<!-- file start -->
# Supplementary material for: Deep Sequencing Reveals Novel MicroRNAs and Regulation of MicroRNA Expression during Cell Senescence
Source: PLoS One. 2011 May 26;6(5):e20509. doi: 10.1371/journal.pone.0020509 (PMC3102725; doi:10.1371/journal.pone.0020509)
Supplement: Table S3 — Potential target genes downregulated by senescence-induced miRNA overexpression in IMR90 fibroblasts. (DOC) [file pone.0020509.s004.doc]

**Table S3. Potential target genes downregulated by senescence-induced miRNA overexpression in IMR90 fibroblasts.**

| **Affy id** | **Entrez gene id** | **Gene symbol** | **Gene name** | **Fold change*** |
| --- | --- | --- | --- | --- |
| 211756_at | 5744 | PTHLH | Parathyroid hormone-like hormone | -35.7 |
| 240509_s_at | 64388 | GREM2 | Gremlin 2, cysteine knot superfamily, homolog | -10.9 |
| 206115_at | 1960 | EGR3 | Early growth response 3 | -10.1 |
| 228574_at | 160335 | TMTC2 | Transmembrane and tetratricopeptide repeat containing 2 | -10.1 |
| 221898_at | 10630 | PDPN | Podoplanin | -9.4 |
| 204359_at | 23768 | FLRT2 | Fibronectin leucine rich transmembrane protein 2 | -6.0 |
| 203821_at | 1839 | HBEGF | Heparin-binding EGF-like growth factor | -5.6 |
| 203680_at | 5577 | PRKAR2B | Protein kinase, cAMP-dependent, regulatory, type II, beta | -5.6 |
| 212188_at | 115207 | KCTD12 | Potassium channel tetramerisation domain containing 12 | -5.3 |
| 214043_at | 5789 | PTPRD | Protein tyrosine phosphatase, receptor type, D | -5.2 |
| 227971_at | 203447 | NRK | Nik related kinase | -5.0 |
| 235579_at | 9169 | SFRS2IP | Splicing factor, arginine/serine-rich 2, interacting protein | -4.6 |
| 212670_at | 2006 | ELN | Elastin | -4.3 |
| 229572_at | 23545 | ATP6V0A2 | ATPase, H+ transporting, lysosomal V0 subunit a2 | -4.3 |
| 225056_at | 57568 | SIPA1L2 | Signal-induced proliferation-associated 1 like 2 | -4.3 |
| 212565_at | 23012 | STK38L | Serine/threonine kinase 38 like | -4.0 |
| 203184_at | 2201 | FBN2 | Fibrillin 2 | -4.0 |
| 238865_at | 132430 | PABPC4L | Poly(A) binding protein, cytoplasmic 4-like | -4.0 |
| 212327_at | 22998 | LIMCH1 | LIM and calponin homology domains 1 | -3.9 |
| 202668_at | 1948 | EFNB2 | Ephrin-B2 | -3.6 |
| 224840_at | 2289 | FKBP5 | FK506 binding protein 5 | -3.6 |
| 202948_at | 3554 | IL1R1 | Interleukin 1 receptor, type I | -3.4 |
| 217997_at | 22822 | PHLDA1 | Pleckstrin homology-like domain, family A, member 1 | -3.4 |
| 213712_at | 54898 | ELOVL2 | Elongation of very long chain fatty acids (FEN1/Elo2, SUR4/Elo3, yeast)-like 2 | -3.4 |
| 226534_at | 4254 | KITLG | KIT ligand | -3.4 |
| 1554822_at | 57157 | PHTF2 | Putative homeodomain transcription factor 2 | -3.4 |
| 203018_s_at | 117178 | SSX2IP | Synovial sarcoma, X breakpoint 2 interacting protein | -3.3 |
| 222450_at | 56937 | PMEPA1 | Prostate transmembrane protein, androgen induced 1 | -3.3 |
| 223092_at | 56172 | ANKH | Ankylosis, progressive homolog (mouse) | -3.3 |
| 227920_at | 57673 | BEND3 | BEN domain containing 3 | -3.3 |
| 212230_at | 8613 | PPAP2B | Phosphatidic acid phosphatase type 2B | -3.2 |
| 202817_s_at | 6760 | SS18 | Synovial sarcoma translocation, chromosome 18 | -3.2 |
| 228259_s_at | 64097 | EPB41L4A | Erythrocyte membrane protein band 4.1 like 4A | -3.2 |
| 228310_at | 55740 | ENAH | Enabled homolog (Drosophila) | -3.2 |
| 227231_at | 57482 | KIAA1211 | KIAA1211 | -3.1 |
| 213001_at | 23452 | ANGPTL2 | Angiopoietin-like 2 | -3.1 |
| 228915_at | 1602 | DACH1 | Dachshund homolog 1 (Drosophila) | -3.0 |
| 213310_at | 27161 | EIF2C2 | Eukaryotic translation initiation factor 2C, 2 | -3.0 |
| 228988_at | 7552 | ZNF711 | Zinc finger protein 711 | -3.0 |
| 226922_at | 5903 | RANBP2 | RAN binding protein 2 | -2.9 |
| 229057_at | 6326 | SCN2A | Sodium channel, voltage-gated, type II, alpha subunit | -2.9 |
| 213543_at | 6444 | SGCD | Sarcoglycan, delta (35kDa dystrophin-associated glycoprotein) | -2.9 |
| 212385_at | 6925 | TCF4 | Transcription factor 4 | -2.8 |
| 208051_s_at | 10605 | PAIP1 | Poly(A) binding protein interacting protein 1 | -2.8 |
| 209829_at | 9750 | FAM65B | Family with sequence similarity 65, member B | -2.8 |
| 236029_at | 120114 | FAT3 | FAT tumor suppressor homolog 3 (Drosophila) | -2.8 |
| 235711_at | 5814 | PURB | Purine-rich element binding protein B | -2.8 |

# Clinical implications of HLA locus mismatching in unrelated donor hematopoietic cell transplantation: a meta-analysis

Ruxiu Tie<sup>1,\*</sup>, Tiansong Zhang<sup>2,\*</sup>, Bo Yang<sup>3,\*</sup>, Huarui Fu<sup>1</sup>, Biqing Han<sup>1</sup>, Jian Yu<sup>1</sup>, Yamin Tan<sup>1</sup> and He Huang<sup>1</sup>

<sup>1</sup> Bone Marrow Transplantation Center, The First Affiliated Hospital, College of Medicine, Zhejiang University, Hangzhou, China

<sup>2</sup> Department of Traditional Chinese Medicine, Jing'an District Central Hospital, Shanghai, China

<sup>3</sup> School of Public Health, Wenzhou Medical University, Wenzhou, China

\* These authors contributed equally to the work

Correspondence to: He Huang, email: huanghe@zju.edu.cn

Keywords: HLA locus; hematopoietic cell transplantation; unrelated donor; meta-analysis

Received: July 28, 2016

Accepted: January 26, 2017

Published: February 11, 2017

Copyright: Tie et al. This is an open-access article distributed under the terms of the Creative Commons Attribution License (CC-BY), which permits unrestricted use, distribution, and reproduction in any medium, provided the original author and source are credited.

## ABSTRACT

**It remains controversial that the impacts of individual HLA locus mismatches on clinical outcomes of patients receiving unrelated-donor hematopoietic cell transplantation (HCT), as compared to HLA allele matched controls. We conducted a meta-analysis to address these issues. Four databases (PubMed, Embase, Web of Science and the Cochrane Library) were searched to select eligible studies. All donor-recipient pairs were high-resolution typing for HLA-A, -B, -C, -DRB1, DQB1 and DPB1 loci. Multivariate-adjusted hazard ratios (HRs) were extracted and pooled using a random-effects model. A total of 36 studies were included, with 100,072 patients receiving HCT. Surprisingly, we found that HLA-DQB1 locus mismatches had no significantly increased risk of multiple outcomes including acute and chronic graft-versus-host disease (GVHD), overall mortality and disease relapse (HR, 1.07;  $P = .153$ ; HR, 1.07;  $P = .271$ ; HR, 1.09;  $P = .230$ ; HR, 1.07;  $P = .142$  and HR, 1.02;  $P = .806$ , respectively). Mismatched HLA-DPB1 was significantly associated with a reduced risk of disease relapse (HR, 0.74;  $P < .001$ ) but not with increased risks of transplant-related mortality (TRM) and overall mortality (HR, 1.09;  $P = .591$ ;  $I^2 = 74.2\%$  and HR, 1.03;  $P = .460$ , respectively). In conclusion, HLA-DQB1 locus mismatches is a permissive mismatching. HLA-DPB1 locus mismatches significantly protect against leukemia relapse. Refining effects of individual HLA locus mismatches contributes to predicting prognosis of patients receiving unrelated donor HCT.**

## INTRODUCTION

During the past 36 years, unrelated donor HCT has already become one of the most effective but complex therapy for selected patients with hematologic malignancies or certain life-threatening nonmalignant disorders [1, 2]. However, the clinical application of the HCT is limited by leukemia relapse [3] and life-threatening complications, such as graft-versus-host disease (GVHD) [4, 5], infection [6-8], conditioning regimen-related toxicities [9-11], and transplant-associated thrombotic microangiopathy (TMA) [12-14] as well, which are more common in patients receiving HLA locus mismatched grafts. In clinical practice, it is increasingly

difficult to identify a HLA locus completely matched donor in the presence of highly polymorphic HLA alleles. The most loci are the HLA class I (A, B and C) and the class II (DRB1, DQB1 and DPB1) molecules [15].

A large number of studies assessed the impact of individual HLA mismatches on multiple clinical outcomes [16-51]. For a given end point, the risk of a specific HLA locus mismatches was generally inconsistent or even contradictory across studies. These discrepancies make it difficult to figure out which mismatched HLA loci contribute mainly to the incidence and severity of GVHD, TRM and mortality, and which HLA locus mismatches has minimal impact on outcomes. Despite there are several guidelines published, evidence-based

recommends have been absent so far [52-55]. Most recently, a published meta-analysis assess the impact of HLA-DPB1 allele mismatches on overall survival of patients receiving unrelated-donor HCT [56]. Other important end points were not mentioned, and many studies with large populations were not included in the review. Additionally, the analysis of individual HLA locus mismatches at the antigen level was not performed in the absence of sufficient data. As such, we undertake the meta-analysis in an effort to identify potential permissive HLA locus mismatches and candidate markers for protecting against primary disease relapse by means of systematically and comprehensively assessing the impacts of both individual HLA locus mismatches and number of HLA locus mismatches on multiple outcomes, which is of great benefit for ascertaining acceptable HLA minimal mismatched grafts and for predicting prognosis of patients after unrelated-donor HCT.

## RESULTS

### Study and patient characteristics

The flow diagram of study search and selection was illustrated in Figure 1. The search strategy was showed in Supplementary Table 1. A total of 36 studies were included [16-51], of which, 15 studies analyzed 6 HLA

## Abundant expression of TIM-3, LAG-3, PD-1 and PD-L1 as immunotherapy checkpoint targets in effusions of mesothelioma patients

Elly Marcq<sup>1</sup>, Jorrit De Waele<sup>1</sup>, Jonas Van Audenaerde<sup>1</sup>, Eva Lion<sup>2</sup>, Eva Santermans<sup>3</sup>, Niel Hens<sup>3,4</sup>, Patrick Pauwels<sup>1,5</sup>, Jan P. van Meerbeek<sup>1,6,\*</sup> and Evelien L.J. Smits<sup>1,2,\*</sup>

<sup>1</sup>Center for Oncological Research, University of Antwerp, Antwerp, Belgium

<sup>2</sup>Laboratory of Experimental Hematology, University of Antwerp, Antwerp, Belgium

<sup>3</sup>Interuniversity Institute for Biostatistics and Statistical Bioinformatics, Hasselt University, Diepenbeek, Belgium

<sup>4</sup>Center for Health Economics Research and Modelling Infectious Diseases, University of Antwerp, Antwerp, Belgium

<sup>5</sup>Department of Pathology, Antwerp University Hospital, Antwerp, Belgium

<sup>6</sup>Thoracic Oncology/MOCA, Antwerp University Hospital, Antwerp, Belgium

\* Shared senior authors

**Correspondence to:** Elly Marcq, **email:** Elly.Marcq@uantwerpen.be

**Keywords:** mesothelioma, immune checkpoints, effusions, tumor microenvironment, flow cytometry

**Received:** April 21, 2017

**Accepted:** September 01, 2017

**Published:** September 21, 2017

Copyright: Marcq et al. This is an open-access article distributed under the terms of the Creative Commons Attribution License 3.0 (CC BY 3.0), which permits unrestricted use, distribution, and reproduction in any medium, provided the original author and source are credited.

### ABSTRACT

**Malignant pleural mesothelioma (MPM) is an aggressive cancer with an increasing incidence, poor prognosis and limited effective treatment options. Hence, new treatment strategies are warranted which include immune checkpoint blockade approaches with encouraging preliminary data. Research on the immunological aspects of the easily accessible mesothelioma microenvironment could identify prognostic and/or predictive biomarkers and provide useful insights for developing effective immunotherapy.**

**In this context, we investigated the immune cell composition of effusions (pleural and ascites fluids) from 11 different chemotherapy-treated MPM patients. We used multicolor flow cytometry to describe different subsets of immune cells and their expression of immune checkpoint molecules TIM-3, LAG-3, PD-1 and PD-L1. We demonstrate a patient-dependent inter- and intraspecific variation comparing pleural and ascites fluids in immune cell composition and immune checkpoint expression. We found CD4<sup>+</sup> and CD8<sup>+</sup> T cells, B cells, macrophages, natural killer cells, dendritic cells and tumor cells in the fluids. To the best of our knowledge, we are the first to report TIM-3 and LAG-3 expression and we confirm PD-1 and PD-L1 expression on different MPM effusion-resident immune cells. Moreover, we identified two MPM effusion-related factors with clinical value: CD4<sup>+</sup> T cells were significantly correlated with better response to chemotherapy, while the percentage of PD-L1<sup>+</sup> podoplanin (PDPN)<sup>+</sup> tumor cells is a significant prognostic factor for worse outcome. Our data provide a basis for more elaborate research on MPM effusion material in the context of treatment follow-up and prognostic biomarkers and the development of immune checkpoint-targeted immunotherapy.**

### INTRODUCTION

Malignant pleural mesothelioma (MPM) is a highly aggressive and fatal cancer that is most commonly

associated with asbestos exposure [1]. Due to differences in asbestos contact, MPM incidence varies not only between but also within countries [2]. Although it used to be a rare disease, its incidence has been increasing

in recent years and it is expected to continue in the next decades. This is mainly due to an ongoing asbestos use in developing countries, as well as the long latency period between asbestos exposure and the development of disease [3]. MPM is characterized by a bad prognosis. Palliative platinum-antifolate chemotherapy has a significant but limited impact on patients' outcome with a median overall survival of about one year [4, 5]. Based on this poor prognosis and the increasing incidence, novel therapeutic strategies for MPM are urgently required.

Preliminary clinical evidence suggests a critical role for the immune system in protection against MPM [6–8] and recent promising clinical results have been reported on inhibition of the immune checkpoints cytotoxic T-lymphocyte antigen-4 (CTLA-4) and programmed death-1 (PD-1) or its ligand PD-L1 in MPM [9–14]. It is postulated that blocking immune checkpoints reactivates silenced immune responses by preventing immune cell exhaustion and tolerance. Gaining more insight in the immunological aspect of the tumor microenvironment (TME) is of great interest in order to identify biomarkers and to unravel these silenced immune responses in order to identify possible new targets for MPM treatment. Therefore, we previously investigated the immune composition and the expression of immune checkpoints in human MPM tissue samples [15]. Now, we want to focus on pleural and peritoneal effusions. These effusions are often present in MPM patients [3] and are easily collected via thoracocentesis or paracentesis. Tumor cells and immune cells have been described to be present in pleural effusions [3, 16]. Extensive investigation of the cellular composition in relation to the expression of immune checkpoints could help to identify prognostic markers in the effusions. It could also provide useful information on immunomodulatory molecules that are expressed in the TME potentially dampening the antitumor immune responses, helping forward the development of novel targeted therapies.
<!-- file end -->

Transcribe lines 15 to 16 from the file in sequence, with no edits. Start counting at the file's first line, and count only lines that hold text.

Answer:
| 212188_at | 115207 | KCTD12 | Potassium channel tetramerisation domain containing 12 | -5.3 |
| 214043_at | 5789 | PTPRD | Protein tyrosine phosphatase, receptor type, D | -5.2 |